Natural Edge Bowl Bottoms

Discussion in 'Newbie' started by loberg, Apr 26, 2009.

  1. loberg

    loberg

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    I turned my first natural edged bowl last night. I shaped the outside, formed a tenon and shaped the inside. This morning I realized I cannot chuck up the face of the bowl and turn the bottom. I have in the past used a tennis ball as a holder (with the tail stock, of course) but the bowl is too big for that to work. Any hints on how to finish the bottom? I have tried to look on You Tube but found nothing relative. The piece is bay and turned nicely.
     
  2. Bob Edwards

    Bob Edwards

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    reverse chuck to address the bottom

    You have not mentioned the size if the bowl but the average for me is anywhere from 4†to 8†across and a max of 7†deep. I have made a number of aids to use for the purpose of finishing the bottom. Basically they are round forms with a tenon to fit the jaws of my chuck and long enough to reach to the bottom of the bowl. They vary in diameter from 2†to 4â€. The end that touches the bottom of the bowl is slightly convex and I have glued a piece of scrap split lather to the face. The trick to using this method is to start the project between centers. There are several advantages to doing this. You can tweak the axes so the high and low points of the edge will appear at the same point, or not if you prefer. When you have turned the tenon and are ready to reverse the bowl and put it in the chuck it is most important that you not destroy the mark made by the live center on what will be the bottom. After you finish the hollowing and reverse the bowl into the leather covered “drive post†the original mark of the live center will be available to find the center of the bottom and insure the bowl will turn true to the original axes. You can then cut off the tenon and shape the bottom leaving a nub about 1/8 to 3/16 in dia. And just proud of the service. You leave it proud and sand it off because if you try and break it or cut it off flush it will most likely tear out and leave a hole. This is long but I hope it helps.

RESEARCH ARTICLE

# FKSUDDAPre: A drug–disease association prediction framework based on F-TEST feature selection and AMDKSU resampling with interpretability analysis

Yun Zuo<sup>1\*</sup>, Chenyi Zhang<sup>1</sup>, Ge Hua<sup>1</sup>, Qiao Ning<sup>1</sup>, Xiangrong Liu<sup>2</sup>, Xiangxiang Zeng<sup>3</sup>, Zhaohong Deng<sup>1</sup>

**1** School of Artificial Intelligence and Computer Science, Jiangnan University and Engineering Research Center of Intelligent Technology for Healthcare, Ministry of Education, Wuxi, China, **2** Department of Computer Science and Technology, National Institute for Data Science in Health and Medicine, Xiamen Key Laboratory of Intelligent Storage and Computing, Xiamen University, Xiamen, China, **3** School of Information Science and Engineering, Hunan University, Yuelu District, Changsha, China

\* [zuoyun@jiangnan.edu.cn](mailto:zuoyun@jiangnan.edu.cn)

3. John Boyles

    John Boyles

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    Natural Edge Bowl Bottom

    You may be able to mount a cylindrical peice of wood in your scroll chuck and turn a profile on the tailstock end of that peice that will fit against the inside bottom of your natural edge bowl. The length and diameter of the cylindrical peice of wood depends on the diameter and depth of your bowl. The idea is to mount your bowl with the inside against the peice of wood in your scroll chuck the bring up the tail stock and place the tip if the live center against the exact center of the outside bottom of the bowl. Being a natural edge bowl, you made need to make small adjustments to make your bowl turn true after you have it mounted between centers. You can place a paper-towel or peice of cloth between the inside of the bowl and your jam chuck to keep from scratching the insife of your bowl. I realize that this method will leave a small part in the exact center of the bottom of your bowl that may need to be sanded by hand but that is not so bad
     
  4. loberg

    loberg

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    Wow. That was an idea I had not thought of. I was going to use a kid's play ball to chuck up the bowl but your method is better. The bowl is about 4 inches in diameter and about 4 inches deep. As soon as I figure out the digital camera I will try to post pictures. The bowl came out with the bark still attached and looks good. Thanks.
     
  5. drh

    drh

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    You might also try the straka chuck (donut chuck).
    http://www.alanlacer.com/articles/StrakaChuck.pdf
    I made one up and use it all the time for standard rim and natural edge bowls. I use a 4" pipe on natural edge bowls, in your case, 3" would work better. If you leave the tailstock dimple in your tenon, it's real easy to line up the bowl bottom, turn the tenon off with the tail stock in place, then remove the tail stock to take the final center part off (light cuts). Without the tailstock in place, you can then get fancy with the bottom if you choose. I cut the grooves in my plywood disk as described in the article, but it's not necessary as long as you leave the tail stock dimple on your tenon. (I never bother using the grooves to line up my bowls and so would not bother with the grooves)